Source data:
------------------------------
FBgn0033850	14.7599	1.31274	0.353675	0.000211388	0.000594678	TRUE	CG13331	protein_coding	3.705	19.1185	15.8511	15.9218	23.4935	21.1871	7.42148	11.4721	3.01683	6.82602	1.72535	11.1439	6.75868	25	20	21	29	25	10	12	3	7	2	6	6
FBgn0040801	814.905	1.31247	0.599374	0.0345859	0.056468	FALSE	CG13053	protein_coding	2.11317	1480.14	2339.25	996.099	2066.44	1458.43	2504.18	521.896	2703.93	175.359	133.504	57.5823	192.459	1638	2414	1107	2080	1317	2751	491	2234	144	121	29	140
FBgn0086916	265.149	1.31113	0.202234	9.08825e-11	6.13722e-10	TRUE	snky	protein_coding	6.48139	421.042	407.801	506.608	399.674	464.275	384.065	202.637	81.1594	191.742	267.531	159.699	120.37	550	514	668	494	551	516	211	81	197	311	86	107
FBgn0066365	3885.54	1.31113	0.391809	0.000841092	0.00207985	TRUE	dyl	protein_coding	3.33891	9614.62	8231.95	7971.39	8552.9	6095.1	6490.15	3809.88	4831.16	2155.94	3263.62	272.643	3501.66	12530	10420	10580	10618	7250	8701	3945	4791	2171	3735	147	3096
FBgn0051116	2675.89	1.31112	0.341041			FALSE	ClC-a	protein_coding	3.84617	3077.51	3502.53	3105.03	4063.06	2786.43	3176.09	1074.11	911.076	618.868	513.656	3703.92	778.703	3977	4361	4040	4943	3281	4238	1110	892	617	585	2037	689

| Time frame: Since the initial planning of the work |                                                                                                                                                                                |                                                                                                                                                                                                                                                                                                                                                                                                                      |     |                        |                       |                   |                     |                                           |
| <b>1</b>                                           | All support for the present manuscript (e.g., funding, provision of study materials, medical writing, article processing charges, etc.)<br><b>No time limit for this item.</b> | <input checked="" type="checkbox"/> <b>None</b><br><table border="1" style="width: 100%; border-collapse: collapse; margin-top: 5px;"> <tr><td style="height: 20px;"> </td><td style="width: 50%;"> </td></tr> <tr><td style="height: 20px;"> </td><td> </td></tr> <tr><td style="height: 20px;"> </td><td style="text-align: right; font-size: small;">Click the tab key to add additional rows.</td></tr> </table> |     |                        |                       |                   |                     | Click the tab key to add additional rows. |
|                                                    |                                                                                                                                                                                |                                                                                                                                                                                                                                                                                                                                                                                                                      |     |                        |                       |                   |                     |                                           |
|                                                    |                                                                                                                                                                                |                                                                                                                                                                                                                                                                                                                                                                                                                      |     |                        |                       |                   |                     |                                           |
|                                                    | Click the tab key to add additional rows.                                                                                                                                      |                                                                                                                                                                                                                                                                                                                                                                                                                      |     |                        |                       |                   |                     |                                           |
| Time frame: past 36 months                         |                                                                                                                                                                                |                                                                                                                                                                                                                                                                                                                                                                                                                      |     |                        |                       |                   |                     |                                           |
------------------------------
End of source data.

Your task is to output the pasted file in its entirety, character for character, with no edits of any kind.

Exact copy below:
FBgn0033850	14.7599	1.31274	0.353675	0.000211388	0.000594678	TRUE	CG13331	protein_coding	3.705	19.1185	15.8511	15.9218	23.4935	21.1871	7.42148	11.4721	3.01683	6.82602	1.72535	11.1439	6.75868	25	20	21	29	25	10	12	3	7	2	6	6
FBgn0040801	814.905	1.31247	0.599374	0.0345859	0.056468	FALSE	CG13053	protein_coding	2.11317	1480.14	2339.25	996.099	2066.44	1458.43	2504.18	521.896	2703.93	175.359	133.504	57.5823	192.459	1638	2414	1107	2080	1317	2751	491	2234	144	121	29	140
FBgn0086916	265.149	1.31113	0.202234	9.08825e-11	6.13722e-10	TRUE	snky	protein_coding	6.48139	421.042	407.801	506.608	399.674	464.275	384.065	202.637	81.1594	191.742	267.531	159.699	120.37	550	514	668	494	551	516	211	81	197	311	86	107
FBgn0066365	3885.54	1.31113	0.391809	0.000841092	0.00207985	TRUE	dyl	protein_coding	3.33891	9614.62	8231.95	7971.39	8552.9	6095.1	6490.15	3809.88	4831.16	2155.94	3263.62	272.643	3501.66	12530	10420	10580	10618	7250	8701	3945	4791	2171	3735	147	3096
FBgn0051116	2675.89	1.31112	0.341041			FALSE	ClC-a	protein_coding	3.84617	3077.51	3502.53	3105.03	4063.06	2786.43	3176.09	1074.11	911.076	618.868	513.656	3703.92	778.703	3977	4361	4040	4943	3281	4238	1110	892	617	585	2037	689

| Time frame: Since the initial planning of the work |                                                                                                                                                                                |                                                                                                                                                                                                                                                                                                                                                                                                                      |     |                        |                       |                   |                     |                                           |
| <b>1</b>                                           | All support for the present manuscript (e.g., funding, provision of study materials, medical writing, article processing charges, etc.)<br><b>No time limit for this item.</b> | <input checked="" type="checkbox"/> <b>None</b><br><table border="1" style="width: 100%; border-collapse: collapse; margin-top: 5px;"> <tr><td style="height: 20px;"> </td><td style="width: 50%;"> </td></tr> <tr><td style="height: 20px;"> </td><td> </td></tr> <tr><td style="height: 20px;"> </td><td style="text-align: right; font-size: small;">Click the tab key to add additional rows.</td></tr> </table> |     |                        |                       |                   |                     | Click the tab key to add additional rows. |
|                                                    |                                                                                                                                                                                |                                                                                                                                                                                                                                                                                                                                                                                                                      |     |                        |                       |                   |                     |                                           |
|                                                    |                                                                                                                                                                                |                                                                                                                                                                                                                                                                                                                                                                                                                      |     |                        |                       |                   |                     |                                           |
|                                                    | Click the tab key to add additional rows.                                                                                                                                      |                                                                                                                                                                                                                                                                                                                                                                                                                      |     |                        |                       |                   |                     |                                           |
| Time frame: past 36 months                         |                                                                                                                                                                                |                                                                                                                                                                                                                                                                                                                                                                                                                      |     |                        |                       |                   |                     |                                           |